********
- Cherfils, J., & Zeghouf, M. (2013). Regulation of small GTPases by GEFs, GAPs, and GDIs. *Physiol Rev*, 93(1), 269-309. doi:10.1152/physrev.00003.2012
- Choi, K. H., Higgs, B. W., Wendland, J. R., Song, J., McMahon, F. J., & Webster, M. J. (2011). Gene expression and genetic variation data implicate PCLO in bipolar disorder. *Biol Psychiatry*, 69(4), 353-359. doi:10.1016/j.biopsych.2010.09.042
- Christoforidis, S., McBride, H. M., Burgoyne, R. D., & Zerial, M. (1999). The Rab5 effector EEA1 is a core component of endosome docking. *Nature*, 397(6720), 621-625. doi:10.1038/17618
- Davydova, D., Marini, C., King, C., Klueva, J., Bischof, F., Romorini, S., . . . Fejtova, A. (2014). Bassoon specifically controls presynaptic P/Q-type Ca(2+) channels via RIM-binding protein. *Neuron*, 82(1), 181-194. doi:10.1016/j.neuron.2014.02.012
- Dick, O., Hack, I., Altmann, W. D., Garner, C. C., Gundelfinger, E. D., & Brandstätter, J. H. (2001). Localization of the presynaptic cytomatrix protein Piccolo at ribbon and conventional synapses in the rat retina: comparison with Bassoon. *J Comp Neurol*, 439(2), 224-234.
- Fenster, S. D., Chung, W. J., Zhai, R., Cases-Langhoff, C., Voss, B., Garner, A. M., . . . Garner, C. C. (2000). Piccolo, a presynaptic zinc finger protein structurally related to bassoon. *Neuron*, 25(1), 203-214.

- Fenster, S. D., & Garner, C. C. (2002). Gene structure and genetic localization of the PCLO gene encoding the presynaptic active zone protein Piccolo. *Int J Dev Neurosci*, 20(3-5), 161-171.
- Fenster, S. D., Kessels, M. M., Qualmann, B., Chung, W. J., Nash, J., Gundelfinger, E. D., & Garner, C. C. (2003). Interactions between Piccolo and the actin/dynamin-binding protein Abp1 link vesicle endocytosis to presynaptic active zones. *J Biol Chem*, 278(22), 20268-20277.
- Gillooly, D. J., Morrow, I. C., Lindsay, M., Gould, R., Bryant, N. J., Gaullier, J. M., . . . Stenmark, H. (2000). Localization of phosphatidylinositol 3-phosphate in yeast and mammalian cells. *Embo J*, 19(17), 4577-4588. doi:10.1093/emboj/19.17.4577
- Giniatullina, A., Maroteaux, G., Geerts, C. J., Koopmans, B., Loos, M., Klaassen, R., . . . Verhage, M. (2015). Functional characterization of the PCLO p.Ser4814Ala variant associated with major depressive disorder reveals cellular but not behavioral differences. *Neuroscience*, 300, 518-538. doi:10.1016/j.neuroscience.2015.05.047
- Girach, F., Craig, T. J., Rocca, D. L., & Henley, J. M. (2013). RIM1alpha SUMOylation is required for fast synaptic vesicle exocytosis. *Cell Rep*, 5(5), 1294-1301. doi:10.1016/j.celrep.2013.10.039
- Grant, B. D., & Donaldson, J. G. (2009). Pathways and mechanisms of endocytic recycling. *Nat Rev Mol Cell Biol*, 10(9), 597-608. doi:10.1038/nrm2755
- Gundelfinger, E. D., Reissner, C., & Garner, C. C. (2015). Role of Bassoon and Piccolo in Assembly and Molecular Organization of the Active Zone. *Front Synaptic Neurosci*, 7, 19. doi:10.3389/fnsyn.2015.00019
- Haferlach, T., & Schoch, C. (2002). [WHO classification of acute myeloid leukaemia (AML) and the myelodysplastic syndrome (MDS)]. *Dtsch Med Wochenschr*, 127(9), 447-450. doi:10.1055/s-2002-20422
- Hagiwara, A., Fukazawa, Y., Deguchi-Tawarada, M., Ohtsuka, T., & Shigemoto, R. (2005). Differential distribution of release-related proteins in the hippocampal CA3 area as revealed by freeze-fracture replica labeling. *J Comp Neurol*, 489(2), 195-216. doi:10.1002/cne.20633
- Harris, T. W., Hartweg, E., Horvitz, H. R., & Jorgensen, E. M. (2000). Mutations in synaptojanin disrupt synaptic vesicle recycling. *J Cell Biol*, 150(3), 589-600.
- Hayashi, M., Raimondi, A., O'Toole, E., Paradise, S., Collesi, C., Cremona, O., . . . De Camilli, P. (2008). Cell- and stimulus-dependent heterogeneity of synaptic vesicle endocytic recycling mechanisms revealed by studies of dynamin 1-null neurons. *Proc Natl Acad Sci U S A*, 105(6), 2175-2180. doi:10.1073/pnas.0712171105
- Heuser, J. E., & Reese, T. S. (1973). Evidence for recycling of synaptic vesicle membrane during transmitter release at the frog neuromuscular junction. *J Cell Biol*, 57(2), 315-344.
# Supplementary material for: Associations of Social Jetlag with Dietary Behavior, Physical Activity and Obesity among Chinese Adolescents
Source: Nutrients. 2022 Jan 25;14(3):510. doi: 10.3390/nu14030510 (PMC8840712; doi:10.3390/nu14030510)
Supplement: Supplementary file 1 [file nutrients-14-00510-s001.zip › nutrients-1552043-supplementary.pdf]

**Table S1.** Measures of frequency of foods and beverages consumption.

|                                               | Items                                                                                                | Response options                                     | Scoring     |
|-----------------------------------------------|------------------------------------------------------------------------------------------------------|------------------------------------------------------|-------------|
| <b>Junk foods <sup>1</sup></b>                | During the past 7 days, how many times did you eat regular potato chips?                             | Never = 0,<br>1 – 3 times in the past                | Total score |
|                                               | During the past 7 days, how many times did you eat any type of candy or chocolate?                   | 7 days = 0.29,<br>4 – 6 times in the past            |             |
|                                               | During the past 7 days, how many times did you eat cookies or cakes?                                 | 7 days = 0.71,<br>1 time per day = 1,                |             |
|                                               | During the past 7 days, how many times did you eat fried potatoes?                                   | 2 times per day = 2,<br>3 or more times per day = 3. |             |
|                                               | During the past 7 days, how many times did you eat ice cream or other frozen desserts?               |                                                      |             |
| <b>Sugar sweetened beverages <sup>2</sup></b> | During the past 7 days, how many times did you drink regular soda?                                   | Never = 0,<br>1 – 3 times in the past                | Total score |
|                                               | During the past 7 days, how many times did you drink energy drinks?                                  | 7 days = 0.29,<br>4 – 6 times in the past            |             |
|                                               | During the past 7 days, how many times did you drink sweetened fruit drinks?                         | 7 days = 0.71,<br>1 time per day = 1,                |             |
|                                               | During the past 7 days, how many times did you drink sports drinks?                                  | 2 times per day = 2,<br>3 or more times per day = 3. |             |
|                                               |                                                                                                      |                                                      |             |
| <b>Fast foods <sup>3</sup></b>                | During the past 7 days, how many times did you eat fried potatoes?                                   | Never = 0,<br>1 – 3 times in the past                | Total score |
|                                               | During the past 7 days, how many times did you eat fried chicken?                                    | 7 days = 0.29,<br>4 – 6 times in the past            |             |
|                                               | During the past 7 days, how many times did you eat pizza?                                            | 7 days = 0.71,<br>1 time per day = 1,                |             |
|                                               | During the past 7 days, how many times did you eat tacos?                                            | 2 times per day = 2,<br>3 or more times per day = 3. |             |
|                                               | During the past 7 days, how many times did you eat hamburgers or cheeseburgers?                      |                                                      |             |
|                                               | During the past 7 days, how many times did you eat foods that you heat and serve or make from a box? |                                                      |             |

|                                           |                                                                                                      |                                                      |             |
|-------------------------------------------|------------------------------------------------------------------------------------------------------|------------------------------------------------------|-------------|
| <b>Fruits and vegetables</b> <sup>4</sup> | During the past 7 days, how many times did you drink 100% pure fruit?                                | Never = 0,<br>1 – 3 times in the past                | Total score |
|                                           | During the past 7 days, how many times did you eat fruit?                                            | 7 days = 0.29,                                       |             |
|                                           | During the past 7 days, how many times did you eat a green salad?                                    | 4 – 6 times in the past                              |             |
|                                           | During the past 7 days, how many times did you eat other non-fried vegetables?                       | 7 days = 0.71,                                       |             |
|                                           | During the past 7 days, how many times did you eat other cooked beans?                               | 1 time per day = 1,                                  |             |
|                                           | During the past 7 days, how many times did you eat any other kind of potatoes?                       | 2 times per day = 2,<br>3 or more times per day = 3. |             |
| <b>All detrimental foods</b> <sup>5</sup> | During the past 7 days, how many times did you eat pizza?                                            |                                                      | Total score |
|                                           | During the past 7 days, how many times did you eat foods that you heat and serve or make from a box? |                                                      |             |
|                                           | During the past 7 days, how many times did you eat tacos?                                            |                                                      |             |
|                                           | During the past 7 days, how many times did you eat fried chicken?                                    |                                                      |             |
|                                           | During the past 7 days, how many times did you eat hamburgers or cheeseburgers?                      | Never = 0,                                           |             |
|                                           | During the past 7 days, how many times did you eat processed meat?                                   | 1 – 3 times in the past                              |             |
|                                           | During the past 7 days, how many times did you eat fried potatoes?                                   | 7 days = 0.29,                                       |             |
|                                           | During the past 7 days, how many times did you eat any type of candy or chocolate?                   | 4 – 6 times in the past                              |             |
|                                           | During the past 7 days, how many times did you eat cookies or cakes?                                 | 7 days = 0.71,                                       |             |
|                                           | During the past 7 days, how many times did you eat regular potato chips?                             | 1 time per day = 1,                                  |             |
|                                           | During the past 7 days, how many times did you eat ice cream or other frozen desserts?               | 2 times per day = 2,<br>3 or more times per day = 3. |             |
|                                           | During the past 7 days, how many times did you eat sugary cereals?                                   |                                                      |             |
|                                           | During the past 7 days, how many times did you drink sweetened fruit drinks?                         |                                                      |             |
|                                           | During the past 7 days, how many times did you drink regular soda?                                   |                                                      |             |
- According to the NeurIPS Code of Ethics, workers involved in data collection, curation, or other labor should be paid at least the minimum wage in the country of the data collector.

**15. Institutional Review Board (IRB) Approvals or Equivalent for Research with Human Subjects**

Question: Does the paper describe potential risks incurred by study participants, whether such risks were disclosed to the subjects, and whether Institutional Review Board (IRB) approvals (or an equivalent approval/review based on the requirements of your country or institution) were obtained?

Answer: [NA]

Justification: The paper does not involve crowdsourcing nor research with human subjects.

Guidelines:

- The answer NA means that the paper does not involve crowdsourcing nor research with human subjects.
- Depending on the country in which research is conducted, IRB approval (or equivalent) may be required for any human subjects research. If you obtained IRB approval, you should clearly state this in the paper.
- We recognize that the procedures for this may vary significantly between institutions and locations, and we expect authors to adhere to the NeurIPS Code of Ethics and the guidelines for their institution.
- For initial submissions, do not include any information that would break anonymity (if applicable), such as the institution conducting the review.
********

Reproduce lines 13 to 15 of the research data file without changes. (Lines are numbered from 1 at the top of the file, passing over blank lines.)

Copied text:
- Gundelfinger, E. D., Reissner, C., & Garner, C. C. (2015). Role of Bassoon and Piccolo in Assembly and Molecular Organization of the Active Zone. *Front Synaptic Neurosci*, 7, 19. doi:10.3389/fnsyn.2015.00019
- Haferlach, T., & Schoch, C. (2002). [WHO classification of acute myeloid leukaemia (AML) and the myelodysplastic syndrome (MDS)]. *Dtsch Med Wochenschr*, 127(9), 447-450. doi:10.1055/s-2002-20422
- Hagiwara, A., Fukazawa, Y., Deguchi-Tawarada, M., Ohtsuka, T., & Shigemoto, R. (2005). Differential distribution of release-related proteins in the hippocampal CA3 area as revealed by freeze-fracture replica labeling. *J Comp Neurol*, 489(2), 195-216. doi:10.1002/cne.20633